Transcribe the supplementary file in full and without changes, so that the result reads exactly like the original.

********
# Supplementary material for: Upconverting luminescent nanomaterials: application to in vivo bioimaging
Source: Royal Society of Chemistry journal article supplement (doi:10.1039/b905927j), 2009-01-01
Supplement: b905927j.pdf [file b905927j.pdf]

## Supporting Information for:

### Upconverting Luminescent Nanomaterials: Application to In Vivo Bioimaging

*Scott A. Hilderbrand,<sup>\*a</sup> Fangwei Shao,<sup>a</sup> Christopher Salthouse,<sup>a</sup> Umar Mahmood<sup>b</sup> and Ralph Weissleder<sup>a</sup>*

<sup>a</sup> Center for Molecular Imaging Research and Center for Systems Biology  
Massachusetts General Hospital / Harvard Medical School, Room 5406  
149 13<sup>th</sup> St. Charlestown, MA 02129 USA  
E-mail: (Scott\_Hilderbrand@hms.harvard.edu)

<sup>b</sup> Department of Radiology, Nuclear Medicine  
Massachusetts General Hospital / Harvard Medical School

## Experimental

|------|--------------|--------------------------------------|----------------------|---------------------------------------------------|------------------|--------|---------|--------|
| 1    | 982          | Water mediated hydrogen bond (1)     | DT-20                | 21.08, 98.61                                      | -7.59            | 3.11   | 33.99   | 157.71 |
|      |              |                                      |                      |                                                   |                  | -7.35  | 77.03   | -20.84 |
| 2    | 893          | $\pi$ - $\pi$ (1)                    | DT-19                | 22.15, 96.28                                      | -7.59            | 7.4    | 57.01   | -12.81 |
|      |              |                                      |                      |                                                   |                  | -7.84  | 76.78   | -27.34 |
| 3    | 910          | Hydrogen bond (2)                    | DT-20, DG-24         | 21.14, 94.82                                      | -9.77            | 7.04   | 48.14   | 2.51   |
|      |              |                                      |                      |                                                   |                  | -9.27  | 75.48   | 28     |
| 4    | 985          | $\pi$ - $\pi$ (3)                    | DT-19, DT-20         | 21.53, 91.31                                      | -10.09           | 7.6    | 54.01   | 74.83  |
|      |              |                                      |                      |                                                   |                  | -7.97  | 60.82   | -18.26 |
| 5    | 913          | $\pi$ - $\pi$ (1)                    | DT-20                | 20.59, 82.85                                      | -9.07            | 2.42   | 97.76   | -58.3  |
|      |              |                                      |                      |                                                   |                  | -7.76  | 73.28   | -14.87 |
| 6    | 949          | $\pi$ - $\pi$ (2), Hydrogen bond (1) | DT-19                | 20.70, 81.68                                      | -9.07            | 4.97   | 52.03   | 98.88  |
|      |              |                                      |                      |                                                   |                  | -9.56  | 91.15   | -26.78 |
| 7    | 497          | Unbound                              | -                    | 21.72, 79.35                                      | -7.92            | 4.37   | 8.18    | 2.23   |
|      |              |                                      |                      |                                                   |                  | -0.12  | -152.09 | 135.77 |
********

# Supplementary material for: Upconverting luminescent nanomaterials: application to in vivo bioimaging
Source: Royal Society of Chemistry journal article supplement (doi:10.1039/b905927j), 2009-01-01
Supplement: b905927j.pdf [file b905927j.pdf]

## Supporting Information for:

### Upconverting Luminescent Nanomaterials: Application to In Vivo Bioimaging

*Scott A. Hilderbrand,<sup>\*a</sup> Fangwei Shao,<sup>a</sup> Christopher Salthouse,<sup>a</sup> Umar Mahmood<sup>b</sup> and Ralph Weissleder<sup>a</sup>*

<sup>a</sup> Center for Molecular Imaging Research and Center for Systems Biology  
Massachusetts General Hospital / Harvard Medical School, Room 5406  
149 13<sup>th</sup> St. Charlestown, MA 02129 USA  
E-mail: (Scott\_Hilderbrand@hms.harvard.edu)

<sup>b</sup> Department of Radiology, Nuclear Medicine  
Massachusetts General Hospital / Harvard Medical School

## Experimental

|------|--------------|--------------------------------------|----------------------|---------------------------------------------------|------------------|--------|---------|--------|
| 1    | 982          | Water mediated hydrogen bond (1)     | DT-20                | 21.08, 98.61                                      | -7.59            | 3.11   | 33.99   | 157.71 |
|      |              |                                      |                      |                                                   |                  | -7.35  | 77.03   | -20.84 |
| 2    | 893          | $\pi$ - $\pi$ (1)                    | DT-19                | 22.15, 96.28                                      | -7.59            | 7.4    | 57.01   | -12.81 |
|      |              |                                      |                      |                                                   |                  | -7.84  | 76.78   | -27.34 |
| 3    | 910          | Hydrogen bond (2)                    | DT-20, DG-24         | 21.14, 94.82                                      | -9.77            | 7.04   | 48.14   | 2.51   |
|      |              |                                      |                      |                                                   |                  | -9.27  | 75.48   | 28     |
| 4    | 985          | $\pi$ - $\pi$ (3)                    | DT-19, DT-20         | 21.53, 91.31                                      | -10.09           | 7.6    | 54.01   | 74.83  |
|      |              |                                      |                      |                                                   |                  | -7.97  | 60.82   | -18.26 |
| 5    | 913          | $\pi$ - $\pi$ (1)                    | DT-20                | 20.59, 82.85                                      | -9.07            | 2.42   | 97.76   | -58.3  |
|      |              |                                      |                      |                                                   |                  | -7.76  | 73.28   | -14.87 |
| 6    | 949          | $\pi$ - $\pi$ (2), Hydrogen bond (1) | DT-19                | 20.70, 81.68                                      | -9.07            | 4.97   | 52.03   | 98.88  |
|      |              |                                      |                      |                                                   |                  | -9.56  | 91.15   | -26.78 |
| 7    | 497          | Unbound                              | -                    | 21.72, 79.35                                      | -7.92            | 4.37   | 8.18    | 2.23   |
|      |              |                                      |                      |                                                   |                  | -0.12  | -152.09 | 135.77 |